One of the first flight attendants anywhere, Ellen Church was also a registered nurse and certified pilot. She was unable to find work as a commercial pilot but she did have another influence on the nascent flight attendant industry: she convinced a major airline to hire only nurses.
She approached BAT (the forerunner of United Airlines) looking for a pilot's job, a futile hope for women in those days. But the BAT exec did like Church's other suggestion: that commercial airliners carry nurses on board.
Smelling a publicity coup, and figuring that on-board nurses would help quell the public's fear – very real at the time – of flying, he sold her proposal to the boys at the top. BAT hired eight nurses, including Church, for what it thought would be a three-month experiment.
These early flights attendants bore little resemblance to their modern counterparts, however
They were expected to haul luggage, screw down loose seats, help with fueling the plane and finally, at day's end, help the pilots push the plane into the hangar.
In modern aviation, trying to hire a registered nurse as a flight attendant doesn't seem to be a requirement. Here's Delta's page on hiring and it says
While specific positions will have unique requirements (example: Flight Attendant minimum age requirement is 21 years of age; see individual job descriptions), you must possess at least a H.S. diploma/GED equivalent, be at least 18 years of age, and possess current authorization to work in the U.S. to work at Delta.
The individual job descriptions are for language knowledge. None list a nursing degree as a requirement.
What changed? Well, mainly the medical profession. Nurses today have a LOT more educational requirements. Additionally, a lot more places use nurses. So nurses are in high demand now. Adding that requirement onto a flight attendant job would make the position more expensive and harder to fill.
Additionally, there might be legal liability. While simple medical devices (like AED devices to restart a heart) supplement and can prove of some limited use, imagine a flight attendant having a nursing degree and someone has a medical emergency or dies on their aircraft. Suing the airline would be a tempting. Legal liability is a very real problem here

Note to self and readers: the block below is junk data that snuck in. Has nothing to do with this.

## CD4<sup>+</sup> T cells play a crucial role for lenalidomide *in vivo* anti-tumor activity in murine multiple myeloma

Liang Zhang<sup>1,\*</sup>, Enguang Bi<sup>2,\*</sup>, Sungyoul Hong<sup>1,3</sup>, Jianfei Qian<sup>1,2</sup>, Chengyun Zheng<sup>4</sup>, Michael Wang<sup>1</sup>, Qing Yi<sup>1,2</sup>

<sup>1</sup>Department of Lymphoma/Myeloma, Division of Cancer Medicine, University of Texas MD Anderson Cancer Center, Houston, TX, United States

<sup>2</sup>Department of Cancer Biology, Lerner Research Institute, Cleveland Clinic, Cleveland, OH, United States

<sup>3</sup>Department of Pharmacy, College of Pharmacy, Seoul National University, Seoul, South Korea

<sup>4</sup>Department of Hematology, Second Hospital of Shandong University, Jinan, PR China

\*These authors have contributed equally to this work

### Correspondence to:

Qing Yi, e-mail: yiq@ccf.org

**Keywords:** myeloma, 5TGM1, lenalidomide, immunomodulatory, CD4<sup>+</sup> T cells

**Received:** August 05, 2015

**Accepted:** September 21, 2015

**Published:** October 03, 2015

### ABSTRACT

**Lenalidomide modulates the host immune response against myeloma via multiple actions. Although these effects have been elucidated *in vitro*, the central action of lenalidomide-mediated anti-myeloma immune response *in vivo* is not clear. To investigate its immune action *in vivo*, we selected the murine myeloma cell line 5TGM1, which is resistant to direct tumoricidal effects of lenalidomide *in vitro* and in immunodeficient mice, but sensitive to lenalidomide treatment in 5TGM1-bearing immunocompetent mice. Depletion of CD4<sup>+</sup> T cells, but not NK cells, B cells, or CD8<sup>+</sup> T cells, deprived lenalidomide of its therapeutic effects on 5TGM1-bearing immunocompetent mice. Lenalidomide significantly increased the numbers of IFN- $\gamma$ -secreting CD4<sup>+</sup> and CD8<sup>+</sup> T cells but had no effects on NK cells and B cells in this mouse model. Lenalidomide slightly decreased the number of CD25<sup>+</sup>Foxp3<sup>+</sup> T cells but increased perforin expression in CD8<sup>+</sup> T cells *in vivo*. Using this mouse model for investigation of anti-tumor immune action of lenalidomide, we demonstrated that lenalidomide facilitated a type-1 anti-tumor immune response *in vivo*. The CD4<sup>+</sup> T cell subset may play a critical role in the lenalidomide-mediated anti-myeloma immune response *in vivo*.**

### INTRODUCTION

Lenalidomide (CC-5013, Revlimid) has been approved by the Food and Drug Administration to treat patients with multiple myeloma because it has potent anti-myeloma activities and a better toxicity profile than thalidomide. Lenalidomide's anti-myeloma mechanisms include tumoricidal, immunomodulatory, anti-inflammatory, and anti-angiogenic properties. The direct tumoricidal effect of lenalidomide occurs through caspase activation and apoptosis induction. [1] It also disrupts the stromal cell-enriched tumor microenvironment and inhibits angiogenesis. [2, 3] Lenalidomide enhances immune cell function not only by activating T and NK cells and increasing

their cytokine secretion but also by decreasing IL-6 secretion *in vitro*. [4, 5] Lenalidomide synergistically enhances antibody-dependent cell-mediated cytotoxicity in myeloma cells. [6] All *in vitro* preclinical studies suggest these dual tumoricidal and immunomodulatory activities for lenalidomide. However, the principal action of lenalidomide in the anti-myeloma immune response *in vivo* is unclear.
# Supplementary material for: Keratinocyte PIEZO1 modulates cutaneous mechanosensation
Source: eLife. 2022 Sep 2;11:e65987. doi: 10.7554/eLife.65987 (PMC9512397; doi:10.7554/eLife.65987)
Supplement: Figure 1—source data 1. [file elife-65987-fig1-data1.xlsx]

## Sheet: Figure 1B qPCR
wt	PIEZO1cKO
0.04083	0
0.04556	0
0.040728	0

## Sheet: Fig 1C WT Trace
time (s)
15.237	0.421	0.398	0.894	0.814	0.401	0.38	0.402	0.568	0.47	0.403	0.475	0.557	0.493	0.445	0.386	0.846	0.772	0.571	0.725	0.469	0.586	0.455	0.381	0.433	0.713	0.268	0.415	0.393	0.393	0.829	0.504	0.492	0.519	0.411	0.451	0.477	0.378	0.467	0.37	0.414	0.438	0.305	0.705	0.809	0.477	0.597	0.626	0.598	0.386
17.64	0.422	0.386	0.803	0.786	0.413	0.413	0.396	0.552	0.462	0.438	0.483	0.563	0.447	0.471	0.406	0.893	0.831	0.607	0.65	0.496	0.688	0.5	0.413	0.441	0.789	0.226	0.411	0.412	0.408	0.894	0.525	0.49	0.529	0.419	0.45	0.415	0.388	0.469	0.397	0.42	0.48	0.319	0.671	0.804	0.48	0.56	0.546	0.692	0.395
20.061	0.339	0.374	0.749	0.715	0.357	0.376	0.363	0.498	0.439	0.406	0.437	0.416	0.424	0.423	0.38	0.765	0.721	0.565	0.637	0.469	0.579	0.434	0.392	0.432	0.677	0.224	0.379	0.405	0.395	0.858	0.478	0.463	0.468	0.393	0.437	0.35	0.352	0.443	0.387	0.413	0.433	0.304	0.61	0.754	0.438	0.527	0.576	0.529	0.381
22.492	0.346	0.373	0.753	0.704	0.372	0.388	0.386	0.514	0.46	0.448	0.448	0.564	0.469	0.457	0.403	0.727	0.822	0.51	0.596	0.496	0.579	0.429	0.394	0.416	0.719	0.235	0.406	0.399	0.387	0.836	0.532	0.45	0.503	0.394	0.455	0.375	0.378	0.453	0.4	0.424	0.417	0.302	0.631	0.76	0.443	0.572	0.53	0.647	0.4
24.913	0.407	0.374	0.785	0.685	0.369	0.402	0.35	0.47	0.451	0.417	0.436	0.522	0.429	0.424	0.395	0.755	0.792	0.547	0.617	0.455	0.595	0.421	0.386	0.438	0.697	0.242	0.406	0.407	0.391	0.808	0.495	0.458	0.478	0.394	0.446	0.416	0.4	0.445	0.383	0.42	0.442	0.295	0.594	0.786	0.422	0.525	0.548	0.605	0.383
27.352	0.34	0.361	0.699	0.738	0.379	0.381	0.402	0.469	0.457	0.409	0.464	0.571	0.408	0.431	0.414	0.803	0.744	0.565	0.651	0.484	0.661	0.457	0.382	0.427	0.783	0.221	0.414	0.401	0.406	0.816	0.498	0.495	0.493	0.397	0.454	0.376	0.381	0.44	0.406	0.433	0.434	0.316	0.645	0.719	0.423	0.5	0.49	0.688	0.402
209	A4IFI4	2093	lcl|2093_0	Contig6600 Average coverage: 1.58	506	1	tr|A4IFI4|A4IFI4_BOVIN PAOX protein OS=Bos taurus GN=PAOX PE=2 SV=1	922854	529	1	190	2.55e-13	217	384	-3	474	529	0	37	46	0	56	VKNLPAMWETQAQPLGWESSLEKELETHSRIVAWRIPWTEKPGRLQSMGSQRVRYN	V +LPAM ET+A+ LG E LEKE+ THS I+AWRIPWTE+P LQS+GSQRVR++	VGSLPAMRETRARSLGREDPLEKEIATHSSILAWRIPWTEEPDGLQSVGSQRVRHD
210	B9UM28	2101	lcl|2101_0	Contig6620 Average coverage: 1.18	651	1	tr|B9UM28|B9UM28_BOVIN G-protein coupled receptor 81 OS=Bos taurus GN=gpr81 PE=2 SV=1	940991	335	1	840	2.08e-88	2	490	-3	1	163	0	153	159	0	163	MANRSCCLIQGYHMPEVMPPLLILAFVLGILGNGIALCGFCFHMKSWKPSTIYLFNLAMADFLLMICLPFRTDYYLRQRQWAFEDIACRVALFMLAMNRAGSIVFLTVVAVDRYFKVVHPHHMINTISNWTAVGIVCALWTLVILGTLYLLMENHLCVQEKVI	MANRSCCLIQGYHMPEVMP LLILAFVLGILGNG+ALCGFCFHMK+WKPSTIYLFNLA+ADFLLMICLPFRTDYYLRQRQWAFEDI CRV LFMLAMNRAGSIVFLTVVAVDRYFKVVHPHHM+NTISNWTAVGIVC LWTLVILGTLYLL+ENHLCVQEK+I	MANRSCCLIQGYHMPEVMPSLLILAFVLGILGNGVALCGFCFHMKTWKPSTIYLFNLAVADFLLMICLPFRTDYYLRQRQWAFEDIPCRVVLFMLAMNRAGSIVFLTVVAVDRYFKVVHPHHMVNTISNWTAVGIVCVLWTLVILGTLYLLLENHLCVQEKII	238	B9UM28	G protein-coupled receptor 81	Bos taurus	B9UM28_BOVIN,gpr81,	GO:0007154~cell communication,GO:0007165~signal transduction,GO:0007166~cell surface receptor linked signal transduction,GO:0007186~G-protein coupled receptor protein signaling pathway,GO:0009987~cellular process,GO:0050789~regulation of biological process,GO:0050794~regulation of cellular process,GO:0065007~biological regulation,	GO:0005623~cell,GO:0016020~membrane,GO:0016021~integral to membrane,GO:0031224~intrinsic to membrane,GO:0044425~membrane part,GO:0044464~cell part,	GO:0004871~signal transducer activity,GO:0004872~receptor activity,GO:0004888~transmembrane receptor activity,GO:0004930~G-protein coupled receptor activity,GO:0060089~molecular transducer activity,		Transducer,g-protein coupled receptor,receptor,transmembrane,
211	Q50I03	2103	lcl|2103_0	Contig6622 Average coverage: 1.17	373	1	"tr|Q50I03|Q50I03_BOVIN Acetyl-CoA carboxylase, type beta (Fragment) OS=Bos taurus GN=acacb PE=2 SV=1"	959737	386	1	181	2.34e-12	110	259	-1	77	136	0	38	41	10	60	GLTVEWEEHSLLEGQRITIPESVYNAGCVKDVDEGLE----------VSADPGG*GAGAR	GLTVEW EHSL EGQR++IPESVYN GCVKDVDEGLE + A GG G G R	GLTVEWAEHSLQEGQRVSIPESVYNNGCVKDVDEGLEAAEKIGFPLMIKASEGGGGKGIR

A colleague of mine, however, was not as fortunate and encountered a much more serious condition -- urosepsis -- on a flight to London. [snip] My colleague missed her connecting flight, as did many passengers, and the other physician had to accompany the patient to the local ER because the emergency medical service worker did not want to be held liable for the IV line the ICU physician had inserted before the plane landed.
Unfortunately, liability is a very real concern, particularly in scenarios when you're not practicing in your regular clinical setting. Generally, physicians are covered by the Aviation Medical Assistance Act of 1998, which protects physicians who provide in-flight emergency medical assistance in the same way that state Good Samaritan laws do. It goes without saying that you do not have to volunteer if you do not feel comfortable with the situation or are concerned for your own safety. If you have had a few drinks or have taken sedating medications, you need to use your judgment about whether to respond.
Since you are volunteering and not technically on duty, under the 1998 law, you are covered as long as you don't engage in any willful misconduct or commit gross negligence. You should make yourself aware of the law's limitations. Many physicians feel a moral obligation to help in a medical emergency, and, thus, we can find ourselves in these situations.
If passengers leap into action to help a distressed patent, the airline avoids liability.